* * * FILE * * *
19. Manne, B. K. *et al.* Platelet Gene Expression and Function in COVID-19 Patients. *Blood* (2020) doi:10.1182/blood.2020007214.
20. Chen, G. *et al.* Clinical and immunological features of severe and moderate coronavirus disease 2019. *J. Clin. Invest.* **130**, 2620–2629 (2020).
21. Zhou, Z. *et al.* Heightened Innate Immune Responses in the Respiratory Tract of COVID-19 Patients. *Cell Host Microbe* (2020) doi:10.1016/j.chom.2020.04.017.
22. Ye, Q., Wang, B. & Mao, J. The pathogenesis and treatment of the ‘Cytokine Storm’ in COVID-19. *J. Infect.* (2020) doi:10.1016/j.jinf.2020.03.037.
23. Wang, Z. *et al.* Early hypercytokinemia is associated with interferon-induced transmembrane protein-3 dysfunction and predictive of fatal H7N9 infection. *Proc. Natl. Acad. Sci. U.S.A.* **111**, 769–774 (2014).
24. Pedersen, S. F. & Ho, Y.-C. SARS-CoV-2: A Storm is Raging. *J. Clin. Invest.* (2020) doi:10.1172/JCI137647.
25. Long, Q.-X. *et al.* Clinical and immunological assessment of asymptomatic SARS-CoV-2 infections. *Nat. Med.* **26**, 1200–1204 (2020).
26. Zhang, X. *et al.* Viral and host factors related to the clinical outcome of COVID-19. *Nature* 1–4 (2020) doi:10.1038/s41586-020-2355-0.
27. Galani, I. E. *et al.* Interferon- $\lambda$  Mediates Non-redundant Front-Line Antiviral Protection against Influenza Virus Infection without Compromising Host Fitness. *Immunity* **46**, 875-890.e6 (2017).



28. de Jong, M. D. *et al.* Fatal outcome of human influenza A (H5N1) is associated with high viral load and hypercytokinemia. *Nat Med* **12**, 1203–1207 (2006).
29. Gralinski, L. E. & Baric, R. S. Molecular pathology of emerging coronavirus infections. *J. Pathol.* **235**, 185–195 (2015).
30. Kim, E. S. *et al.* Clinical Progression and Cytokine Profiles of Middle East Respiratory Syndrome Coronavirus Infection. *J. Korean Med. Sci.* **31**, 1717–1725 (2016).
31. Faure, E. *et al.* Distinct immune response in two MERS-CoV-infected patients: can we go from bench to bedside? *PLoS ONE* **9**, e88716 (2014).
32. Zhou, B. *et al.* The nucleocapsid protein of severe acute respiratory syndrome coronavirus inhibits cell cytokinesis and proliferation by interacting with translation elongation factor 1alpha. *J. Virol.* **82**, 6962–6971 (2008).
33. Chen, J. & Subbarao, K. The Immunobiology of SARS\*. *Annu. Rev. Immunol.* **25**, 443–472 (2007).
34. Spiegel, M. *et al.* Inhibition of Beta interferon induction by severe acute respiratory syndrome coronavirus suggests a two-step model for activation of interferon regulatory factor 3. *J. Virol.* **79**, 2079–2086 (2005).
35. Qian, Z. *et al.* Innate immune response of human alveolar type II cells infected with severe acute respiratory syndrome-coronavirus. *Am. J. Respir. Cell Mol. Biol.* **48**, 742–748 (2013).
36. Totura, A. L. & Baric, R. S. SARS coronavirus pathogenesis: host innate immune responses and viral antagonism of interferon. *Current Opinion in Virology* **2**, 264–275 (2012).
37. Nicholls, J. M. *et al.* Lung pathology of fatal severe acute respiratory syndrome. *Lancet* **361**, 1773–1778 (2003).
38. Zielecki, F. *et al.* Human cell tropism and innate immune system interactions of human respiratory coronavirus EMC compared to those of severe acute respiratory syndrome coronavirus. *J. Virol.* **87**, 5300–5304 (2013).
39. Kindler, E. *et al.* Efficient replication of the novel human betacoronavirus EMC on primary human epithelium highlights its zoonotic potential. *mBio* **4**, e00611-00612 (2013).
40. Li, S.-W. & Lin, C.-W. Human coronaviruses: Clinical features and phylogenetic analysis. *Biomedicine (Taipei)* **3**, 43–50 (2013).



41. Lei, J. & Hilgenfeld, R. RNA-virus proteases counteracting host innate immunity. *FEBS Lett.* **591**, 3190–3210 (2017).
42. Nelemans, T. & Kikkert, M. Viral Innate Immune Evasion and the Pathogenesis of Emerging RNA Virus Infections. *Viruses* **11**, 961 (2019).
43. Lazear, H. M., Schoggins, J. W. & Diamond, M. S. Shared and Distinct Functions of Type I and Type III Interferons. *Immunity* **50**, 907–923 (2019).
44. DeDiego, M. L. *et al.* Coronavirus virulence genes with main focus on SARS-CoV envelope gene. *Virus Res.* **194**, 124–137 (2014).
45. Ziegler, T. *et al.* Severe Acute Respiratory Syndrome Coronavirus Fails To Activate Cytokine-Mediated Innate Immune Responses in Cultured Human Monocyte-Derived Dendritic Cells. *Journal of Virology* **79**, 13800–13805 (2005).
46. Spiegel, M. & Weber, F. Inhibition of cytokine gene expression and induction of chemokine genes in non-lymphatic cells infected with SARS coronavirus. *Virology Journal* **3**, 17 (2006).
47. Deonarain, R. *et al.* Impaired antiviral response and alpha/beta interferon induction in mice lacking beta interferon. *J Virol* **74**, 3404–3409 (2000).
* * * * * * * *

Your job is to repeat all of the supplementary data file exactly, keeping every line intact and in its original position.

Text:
19. Manne, B. K. *et al.* Platelet Gene Expression and Function in COVID-19 Patients. *Blood* (2020) doi:10.1182/blood.2020007214.
20. Chen, G. *et al.* Clinical and immunological features of severe and moderate coronavirus disease 2019. *J. Clin. Invest.* **130**, 2620–2629 (2020).
21. Zhou, Z. *et al.* Heightened Innate Immune Responses in the Respiratory Tract of COVID-19 Patients. *Cell Host Microbe* (2020) doi:10.1016/j.chom.2020.04.017.
22. Ye, Q., Wang, B. & Mao, J. The pathogenesis and treatment of the ‘Cytokine Storm’ in COVID-19. *J. Infect.* (2020) doi:10.1016/j.jinf.2020.03.037.
23. Wang, Z. *et al.* Early hypercytokinemia is associated with interferon-induced transmembrane protein-3 dysfunction and predictive of fatal H7N9 infection. *Proc. Natl. Acad. Sci. U.S.A.* **111**, 769–774 (2014).
24. Pedersen, S. F. & Ho, Y.-C. SARS-CoV-2: A Storm is Raging. *J. Clin. Invest.* (2020) doi:10.1172/JCI137647.
25. Long, Q.-X. *et al.* Clinical and immunological assessment of asymptomatic SARS-CoV-2 infections. *Nat. Med.* **26**, 1200–1204 (2020).
26. Zhang, X. *et al.* Viral and host factors related to the clinical outcome of COVID-19. *Nature* 1–4 (2020) doi:10.1038/s41586-020-2355-0.
27. Galani, I. E. *et al.* Interferon- $\lambda$  Mediates Non-redundant Front-Line Antiviral Protection against Influenza Virus Infection without Compromising Host Fitness. *Immunity* **46**, 875-890.e6 (2017).



28. de Jong, M. D. *et al.* Fatal outcome of human influenza A (H5N1) is associated with high viral load and hypercytokinemia. *Nat Med* **12**, 1203–1207 (2006).
29. Gralinski, L. E. & Baric, R. S. Molecular pathology of emerging coronavirus infections. *J. Pathol.* **235**, 185–195 (2015).
30. Kim, E. S. *et al.* Clinical Progression and Cytokine Profiles of Middle East Respiratory Syndrome Coronavirus Infection. *J. Korean Med. Sci.* **31**, 1717–1725 (2016).
31. Faure, E. *et al.* Distinct immune response in two MERS-CoV-infected patients: can we go from bench to bedside? *PLoS ONE* **9**, e88716 (2014).
32. Zhou, B. *et al.* The nucleocapsid protein of severe acute respiratory syndrome coronavirus inhibits cell cytokinesis and proliferation by interacting with translation elongation factor 1alpha. *J. Virol.* **82**, 6962–6971 (2008).
33. Chen, J. & Subbarao, K. The Immunobiology of SARS\*. *Annu. Rev. Immunol.* **25**, 443–472 (2007).
34. Spiegel, M. *et al.* Inhibition of Beta interferon induction by severe acute respiratory syndrome coronavirus suggests a two-step model for activation of interferon regulatory factor 3. *J. Virol.* **79**, 2079–2086 (2005).
35. Qian, Z. *et al.* Innate immune response of human alveolar type II cells infected with severe acute respiratory syndrome-coronavirus. *Am. J. Respir. Cell Mol. Biol.* **48**, 742–748 (2013).
36. Totura, A. L. & Baric, R. S. SARS coronavirus pathogenesis: host innate immune responses and viral antagonism of interferon. *Current Opinion in Virology* **2**, 264–275 (2012).
37. Nicholls, J. M. *et al.* Lung pathology of fatal severe acute respiratory syndrome. *Lancet* **361**, 1773–1778 (2003).
38. Zielecki, F. *et al.* Human cell tropism and innate immune system interactions of human respiratory coronavirus EMC compared to those of severe acute respiratory syndrome coronavirus. *J. Virol.* **87**, 5300–5304 (2013).
39. Kindler, E. *et al.* Efficient replication of the novel human betacoronavirus EMC on primary human epithelium highlights its zoonotic potential. *mBio* **4**, e00611-00612 (2013).
40. Li, S.-W. & Lin, C.-W. Human coronaviruses: Clinical features and phylogenetic analysis. *Biomedicine (Taipei)* **3**, 43–50 (2013).



41. Lei, J. & Hilgenfeld, R. RNA-virus proteases counteracting host innate immunity. *FEBS Lett.* **591**, 3190–3210 (2017).
42. Nelemans, T. & Kikkert, M. Viral Innate Immune Evasion and the Pathogenesis of Emerging RNA Virus Infections. *Viruses* **11**, 961 (2019).
43. Lazear, H. M., Schoggins, J. W. & Diamond, M. S. Shared and Distinct Functions of Type I and Type III Interferons. *Immunity* **50**, 907–923 (2019).
44. DeDiego, M. L. *et al.* Coronavirus virulence genes with main focus on SARS-CoV envelope gene. *Virus Res.* **194**, 124–137 (2014).
45. Ziegler, T. *et al.* Severe Acute Respiratory Syndrome Coronavirus Fails To Activate Cytokine-Mediated Innate Immune Responses in Cultured Human Monocyte-Derived Dendritic Cells. *Journal of Virology* **79**, 13800–13805 (2005).
46. Spiegel, M. & Weber, F. Inhibition of cytokine gene expression and induction of chemokine genes in non-lymphatic cells infected with SARS coronavirus. *Virology Journal* **3**, 17 (2006).
47. Deonarain, R. *et al.* Impaired antiviral response and alpha/beta interferon induction in mice lacking beta interferon. *J Virol* **74**, 3404–3409 (2000).